Geoffrey Farmer is a Canadian installation artist that makes avant-garde and minimalist works that interact with the viewer.
Farmer works with a broad range of elements including drawing, sculpture, performance, video, and found materials. He uses them to create pieces that are self-reflective and engaging to the audience.
“When I was very young, my teacher asked us each to bring a leaf to class. She then got us to place the leaf on a piece of paper. Above the paper was a metal screen stretched over a wooden frame,” reminisces Farmer. “She lowered the frame, and then she gave us a toothbrush dipped in gouache paint to rub on the screen. When I rubbed the toothbrush over the screen, it sent out a fine spray of paint over the leaf and the paper. Then she lifted the screen, and then lifted the leaf off of the paper. Even though she was holding the leaf in her hand, it still appeared on the paper. This deeply shocked me.”
He has held over 50 solo exhibitions, and become an art scene darling winning a number of accolades, including 2011 Hnatyshyn Foundation Visual Arts Award for outstanding achievement by a Canadian artist.
Farmer’s work has been described as being a subtle take on minimalist and post-minimalist tradition. Minimalist work instills in its viewer a sense of their own presence. Farmer’s work mimics this by using the art gallery space as a site of phenomenological experience. Many of his works are also research based, and speak to popular culture and societal current events.
“I am not really conceptual. I don’t think up a concept and then execute it. I learn through discovery and from direct contact with the material I am using,” explains Geoffrey. Even though the work might emanate out of an idea or interest and may have a horizon; I don’t really know exactly what I am doing.”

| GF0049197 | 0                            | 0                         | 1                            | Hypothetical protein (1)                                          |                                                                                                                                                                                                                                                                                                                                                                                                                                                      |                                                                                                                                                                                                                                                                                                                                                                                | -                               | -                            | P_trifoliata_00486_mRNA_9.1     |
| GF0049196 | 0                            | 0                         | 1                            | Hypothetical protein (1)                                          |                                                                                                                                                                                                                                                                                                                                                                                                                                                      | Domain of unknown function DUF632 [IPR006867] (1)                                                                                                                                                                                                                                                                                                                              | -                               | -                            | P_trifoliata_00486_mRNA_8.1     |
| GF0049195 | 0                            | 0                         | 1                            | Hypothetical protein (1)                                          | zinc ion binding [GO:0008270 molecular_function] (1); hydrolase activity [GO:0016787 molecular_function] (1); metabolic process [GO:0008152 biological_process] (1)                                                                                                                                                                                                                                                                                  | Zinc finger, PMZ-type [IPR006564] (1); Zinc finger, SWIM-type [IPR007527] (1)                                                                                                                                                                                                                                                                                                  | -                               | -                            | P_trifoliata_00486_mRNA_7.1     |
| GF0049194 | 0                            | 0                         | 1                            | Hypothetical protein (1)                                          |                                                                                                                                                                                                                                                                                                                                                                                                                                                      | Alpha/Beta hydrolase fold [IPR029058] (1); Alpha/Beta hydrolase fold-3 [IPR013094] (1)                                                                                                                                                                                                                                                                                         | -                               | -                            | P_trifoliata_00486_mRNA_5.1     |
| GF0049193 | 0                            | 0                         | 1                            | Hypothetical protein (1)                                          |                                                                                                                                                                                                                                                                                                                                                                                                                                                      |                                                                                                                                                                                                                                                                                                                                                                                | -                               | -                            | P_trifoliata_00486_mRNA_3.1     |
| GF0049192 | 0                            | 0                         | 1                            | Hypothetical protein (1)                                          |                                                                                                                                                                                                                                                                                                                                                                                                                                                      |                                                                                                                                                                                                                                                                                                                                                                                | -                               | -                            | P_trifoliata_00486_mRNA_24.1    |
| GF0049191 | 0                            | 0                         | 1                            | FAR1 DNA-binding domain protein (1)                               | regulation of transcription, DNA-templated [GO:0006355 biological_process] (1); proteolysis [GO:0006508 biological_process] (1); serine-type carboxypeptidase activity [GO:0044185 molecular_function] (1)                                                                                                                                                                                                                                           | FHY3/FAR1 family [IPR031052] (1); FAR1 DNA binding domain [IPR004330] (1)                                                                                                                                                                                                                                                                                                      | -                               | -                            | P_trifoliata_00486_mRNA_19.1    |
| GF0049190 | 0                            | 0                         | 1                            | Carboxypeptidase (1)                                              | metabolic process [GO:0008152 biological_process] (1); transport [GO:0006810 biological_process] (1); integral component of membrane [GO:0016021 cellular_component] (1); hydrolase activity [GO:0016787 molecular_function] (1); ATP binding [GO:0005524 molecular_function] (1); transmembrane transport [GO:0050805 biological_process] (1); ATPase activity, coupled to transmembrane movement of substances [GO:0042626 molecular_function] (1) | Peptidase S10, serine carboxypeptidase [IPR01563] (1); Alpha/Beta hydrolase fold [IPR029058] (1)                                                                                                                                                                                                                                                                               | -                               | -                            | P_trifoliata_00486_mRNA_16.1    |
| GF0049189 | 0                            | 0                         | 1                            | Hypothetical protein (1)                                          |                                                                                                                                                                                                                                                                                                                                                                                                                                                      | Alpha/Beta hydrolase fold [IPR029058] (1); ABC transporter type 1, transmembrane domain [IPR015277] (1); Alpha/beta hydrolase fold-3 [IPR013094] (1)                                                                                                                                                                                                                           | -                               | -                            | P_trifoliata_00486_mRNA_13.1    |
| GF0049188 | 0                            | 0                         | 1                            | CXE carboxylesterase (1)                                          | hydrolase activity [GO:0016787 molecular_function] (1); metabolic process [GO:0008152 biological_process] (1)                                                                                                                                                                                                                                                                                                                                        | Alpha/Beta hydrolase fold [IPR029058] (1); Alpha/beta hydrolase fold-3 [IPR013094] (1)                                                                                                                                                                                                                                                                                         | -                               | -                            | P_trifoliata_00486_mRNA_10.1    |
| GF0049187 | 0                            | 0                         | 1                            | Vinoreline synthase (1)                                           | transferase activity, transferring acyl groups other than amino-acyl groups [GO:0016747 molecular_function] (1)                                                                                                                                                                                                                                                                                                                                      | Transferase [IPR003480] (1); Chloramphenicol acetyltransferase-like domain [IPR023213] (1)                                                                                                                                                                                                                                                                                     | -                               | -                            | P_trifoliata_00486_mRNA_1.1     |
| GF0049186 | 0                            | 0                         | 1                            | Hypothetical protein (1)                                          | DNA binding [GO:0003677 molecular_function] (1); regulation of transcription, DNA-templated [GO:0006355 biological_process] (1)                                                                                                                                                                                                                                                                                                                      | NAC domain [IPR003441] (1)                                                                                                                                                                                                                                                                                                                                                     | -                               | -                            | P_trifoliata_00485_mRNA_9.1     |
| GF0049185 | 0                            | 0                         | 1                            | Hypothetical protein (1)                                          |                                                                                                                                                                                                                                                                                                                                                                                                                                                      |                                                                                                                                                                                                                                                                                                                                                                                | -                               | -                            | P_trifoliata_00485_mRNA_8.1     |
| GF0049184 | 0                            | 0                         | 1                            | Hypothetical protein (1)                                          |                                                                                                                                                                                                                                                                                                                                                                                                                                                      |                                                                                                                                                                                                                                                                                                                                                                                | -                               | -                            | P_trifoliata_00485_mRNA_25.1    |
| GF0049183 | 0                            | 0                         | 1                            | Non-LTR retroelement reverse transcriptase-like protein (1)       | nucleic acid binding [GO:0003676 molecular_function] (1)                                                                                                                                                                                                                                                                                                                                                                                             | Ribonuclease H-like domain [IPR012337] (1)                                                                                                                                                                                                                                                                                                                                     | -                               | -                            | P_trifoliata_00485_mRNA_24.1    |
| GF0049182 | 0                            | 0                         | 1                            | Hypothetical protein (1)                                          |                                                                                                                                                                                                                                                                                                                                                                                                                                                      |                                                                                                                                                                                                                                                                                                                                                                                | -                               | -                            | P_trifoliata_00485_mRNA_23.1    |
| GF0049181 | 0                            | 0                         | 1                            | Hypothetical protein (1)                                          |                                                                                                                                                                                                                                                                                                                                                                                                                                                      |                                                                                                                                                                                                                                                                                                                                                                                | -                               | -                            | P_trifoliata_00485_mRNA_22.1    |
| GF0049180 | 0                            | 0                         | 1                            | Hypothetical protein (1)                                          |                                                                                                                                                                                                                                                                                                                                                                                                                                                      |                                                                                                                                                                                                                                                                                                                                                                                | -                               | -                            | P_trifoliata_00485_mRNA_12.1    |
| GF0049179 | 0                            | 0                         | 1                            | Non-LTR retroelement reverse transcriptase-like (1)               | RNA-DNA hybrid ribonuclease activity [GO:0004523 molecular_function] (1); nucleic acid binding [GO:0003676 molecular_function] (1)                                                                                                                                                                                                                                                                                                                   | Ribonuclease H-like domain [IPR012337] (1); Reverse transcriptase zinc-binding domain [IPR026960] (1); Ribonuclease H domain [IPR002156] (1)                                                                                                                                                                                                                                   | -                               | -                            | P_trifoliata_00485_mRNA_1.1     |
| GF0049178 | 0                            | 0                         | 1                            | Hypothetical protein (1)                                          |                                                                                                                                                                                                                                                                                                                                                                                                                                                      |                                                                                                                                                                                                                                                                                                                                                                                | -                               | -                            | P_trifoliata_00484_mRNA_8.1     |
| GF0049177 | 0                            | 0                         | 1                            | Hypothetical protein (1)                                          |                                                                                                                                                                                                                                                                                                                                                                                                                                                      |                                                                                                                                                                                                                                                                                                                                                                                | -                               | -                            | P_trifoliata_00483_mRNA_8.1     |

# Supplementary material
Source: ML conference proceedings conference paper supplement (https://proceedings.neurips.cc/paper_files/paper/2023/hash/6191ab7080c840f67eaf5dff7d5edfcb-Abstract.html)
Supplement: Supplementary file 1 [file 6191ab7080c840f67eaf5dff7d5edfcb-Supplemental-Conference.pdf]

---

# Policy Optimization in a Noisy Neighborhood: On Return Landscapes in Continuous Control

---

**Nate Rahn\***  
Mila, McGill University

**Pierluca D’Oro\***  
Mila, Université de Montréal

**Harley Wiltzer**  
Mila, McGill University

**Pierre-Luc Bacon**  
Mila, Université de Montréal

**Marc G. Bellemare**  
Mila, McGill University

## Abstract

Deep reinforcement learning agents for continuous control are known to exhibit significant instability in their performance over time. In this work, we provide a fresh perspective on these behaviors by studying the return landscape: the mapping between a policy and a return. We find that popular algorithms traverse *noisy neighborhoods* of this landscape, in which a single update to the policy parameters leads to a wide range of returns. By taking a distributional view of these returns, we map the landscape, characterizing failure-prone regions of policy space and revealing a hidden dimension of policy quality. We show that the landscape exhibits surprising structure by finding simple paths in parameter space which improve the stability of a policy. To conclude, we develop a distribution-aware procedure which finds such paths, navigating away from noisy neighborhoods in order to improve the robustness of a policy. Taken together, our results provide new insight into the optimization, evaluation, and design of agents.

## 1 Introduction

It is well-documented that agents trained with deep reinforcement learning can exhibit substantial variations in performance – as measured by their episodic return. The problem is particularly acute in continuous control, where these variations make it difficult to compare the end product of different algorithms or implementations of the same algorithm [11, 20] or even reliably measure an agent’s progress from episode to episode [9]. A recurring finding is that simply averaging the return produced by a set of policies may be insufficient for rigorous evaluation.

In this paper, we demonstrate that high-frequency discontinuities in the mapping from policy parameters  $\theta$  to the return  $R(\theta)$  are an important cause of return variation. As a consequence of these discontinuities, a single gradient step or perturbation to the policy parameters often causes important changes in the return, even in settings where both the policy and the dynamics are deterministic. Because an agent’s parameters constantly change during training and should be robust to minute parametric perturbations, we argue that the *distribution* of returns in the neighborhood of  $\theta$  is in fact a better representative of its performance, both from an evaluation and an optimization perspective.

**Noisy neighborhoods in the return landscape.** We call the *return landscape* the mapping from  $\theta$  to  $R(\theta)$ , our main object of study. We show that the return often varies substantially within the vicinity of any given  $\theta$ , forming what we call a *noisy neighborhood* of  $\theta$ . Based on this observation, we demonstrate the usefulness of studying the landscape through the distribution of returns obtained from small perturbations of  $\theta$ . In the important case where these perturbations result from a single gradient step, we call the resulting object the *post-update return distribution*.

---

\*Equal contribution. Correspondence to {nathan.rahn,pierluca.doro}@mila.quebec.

One of Geoffrey’s most recent and most famous works was Leaves of Grass, which he initially exhibited at Documenta 13. This giant installation is made entirely of LIFE magazine cutouts and is currently on display at the National Art Gallery of Ontario. The work fills a huge space and is made of chronologically placed images from LIFE magazines published between 1935 and 1985.
“I knew from the beginning that it was important the figures be placed in chronological order, and that their arrangement was important,” explains Farmer. “It hadn’t occurred to me that it would be a strange kind of history lesson. It was like a slow-motion flip-book.”
The cut-outs are double sided, feature over 22, 000 images and can be viewed from all angles.
“It was a gruelling project, but I wanted to be transformed by the experience. In the last few months, we had about 90 volunteers helping us. We had quotas to keep. We worked in shifts. There was a small group of us who, in the end, I think, were working 20-hour days,” explains Farmer. “I was amazed at the generosity of everyone working on the piece. It was a communal experience. A lot of conversation happens when you are sitting together working around a table. If someone didn’t agree with the image selection or strongly felt an image should be included, they would hold the image up for a vote. We had meals together; a fantastic cook and friend came in to make lunches and dinners. I wasn’t expecting the piece to grow in the way that it did.”
To find out more about Geoffrey Farrmer and his works, please visit his representative gallery, Catriona Jeffries Art Gallery.
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